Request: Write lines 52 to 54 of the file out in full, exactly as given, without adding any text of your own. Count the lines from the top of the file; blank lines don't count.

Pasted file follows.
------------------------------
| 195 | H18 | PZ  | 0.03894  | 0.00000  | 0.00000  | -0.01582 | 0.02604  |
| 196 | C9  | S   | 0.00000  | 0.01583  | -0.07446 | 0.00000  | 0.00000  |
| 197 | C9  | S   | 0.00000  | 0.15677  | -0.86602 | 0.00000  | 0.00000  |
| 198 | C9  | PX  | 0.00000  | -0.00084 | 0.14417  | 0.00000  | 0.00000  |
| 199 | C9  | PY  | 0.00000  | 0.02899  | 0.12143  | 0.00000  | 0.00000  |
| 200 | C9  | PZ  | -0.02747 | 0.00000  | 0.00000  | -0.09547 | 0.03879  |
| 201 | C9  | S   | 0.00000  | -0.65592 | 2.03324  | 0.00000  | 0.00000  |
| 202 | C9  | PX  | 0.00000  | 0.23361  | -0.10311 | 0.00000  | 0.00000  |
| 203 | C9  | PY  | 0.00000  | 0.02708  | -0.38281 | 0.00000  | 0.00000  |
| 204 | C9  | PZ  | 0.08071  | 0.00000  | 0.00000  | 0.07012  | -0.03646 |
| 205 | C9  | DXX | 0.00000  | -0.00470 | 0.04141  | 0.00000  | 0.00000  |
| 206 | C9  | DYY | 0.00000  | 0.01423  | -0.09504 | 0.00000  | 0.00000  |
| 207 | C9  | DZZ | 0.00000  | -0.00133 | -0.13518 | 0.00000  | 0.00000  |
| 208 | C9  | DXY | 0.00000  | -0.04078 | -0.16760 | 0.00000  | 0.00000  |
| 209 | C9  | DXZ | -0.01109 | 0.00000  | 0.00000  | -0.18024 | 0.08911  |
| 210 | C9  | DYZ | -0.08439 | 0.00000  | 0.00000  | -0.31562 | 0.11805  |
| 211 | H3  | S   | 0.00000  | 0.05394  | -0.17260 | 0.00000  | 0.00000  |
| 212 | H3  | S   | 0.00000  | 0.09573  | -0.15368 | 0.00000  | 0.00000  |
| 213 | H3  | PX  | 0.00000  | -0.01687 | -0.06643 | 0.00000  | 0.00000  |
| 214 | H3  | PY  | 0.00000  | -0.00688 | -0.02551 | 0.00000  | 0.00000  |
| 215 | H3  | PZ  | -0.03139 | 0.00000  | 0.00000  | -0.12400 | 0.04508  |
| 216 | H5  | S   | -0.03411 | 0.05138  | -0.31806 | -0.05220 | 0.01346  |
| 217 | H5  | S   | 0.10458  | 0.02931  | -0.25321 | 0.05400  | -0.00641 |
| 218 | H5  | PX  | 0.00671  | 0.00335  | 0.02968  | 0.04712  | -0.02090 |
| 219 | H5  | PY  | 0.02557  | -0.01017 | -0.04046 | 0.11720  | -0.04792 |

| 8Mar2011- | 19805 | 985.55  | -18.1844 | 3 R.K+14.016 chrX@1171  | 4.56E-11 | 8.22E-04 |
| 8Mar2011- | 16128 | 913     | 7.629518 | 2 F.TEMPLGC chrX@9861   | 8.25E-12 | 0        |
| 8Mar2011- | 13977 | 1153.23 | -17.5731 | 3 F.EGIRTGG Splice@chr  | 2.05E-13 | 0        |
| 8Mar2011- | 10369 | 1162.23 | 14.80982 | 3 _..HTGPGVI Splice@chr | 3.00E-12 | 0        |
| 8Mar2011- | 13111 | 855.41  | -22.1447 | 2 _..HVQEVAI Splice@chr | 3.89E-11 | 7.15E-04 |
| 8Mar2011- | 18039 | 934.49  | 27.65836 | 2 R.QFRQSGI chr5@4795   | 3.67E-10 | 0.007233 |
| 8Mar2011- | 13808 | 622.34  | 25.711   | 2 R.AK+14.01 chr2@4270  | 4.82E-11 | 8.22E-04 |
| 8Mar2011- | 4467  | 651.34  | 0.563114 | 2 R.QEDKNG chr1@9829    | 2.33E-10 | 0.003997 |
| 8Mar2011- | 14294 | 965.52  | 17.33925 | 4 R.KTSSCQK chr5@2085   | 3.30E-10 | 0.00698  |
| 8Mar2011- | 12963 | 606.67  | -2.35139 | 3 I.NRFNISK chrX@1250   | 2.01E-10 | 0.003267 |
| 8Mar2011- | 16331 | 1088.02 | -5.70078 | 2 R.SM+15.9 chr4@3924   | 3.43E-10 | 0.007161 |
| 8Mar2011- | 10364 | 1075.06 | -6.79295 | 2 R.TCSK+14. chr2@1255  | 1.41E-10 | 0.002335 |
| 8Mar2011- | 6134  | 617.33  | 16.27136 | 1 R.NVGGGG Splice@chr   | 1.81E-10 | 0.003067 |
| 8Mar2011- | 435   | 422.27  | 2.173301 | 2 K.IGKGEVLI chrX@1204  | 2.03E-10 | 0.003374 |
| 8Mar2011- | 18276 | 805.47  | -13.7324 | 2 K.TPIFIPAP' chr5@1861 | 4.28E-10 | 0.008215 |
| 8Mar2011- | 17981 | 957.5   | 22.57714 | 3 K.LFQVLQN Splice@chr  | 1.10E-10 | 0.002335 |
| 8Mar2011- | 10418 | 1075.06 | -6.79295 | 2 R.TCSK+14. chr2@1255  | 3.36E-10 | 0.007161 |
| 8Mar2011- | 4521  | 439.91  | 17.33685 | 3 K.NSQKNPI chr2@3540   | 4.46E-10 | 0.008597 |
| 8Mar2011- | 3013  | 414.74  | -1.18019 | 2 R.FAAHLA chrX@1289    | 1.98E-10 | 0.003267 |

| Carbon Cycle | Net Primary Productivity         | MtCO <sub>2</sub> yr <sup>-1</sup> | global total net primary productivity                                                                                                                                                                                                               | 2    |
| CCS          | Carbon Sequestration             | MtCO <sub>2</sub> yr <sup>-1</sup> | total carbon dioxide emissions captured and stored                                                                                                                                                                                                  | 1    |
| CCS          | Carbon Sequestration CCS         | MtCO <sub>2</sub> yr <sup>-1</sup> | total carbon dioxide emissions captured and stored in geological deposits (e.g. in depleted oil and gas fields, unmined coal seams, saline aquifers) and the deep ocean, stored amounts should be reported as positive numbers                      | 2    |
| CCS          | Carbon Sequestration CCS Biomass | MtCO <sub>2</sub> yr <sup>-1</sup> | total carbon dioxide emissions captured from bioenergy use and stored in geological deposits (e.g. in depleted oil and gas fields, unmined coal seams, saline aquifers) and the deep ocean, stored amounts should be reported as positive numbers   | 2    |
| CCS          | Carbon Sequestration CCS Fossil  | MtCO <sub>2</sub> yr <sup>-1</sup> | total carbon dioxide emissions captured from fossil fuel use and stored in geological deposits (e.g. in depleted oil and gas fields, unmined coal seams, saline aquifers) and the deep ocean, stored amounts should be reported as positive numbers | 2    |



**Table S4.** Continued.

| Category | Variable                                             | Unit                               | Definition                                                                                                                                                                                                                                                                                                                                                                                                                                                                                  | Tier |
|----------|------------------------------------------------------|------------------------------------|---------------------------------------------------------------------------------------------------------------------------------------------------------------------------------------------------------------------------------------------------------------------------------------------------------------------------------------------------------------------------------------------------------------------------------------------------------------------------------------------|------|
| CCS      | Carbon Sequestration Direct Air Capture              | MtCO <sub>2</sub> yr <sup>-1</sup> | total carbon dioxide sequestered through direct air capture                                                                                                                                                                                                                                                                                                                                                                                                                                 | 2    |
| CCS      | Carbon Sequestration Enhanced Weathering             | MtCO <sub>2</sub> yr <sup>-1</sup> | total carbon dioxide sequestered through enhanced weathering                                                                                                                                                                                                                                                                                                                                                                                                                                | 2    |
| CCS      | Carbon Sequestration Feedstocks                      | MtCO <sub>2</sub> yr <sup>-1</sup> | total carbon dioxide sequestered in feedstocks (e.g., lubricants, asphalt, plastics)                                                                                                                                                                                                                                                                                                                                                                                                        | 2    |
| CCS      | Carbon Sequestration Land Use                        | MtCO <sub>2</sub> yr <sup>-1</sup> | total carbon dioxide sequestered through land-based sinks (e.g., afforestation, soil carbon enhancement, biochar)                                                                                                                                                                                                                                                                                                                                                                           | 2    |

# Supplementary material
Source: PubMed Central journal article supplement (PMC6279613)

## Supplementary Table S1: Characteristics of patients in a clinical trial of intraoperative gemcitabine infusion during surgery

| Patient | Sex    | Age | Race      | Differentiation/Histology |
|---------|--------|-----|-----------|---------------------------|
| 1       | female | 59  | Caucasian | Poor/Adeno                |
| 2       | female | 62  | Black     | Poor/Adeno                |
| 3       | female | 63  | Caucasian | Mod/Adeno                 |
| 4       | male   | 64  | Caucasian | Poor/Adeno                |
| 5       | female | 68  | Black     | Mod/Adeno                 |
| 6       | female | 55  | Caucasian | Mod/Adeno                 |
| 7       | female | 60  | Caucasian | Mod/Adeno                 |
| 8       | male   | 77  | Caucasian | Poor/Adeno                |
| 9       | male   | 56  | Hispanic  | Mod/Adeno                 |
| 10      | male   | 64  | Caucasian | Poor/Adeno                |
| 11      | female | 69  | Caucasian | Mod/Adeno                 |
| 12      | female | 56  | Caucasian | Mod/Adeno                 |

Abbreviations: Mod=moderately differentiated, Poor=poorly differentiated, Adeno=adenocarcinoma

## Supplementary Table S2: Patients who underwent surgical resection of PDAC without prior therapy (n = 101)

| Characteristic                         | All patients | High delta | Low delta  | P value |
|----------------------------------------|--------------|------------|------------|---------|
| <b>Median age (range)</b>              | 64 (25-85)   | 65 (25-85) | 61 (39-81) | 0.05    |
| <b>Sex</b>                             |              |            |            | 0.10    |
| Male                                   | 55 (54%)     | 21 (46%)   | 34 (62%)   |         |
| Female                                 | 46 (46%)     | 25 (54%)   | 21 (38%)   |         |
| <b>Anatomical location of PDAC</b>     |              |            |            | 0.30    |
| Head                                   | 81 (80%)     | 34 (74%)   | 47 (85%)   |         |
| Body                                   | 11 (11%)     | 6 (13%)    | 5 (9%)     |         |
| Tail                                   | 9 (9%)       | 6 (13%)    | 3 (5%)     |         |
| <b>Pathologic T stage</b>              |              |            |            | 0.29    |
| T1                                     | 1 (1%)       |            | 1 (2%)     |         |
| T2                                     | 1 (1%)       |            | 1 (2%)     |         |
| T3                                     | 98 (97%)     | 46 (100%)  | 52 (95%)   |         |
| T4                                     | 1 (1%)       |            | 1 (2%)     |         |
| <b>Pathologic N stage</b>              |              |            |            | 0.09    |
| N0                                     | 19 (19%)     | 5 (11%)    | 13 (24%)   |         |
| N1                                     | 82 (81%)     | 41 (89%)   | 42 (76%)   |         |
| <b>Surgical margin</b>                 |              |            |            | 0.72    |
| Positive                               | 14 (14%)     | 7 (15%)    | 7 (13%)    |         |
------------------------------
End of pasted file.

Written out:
|----------|------------------------------------------------------|------------------------------------|---------------------------------------------------------------------------------------------------------------------------------------------------------------------------------------------------------------------------------------------------------------------------------------------------------------------------------------------------------------------------------------------------------------------------------------------------------------------------------------------|------|
| CCS      | Carbon Sequestration Direct Air Capture              | MtCO <sub>2</sub> yr <sup>-1</sup> | total carbon dioxide sequestered through direct air capture                                                                                                                                                                                                                                                                                                                                                                                                                                 | 2    |
| CCS      | Carbon Sequestration Enhanced Weathering             | MtCO <sub>2</sub> yr <sup>-1</sup> | total carbon dioxide sequestered through enhanced weathering                                                                                                                                                                                                                                                                                                                                                                                                                                | 2    |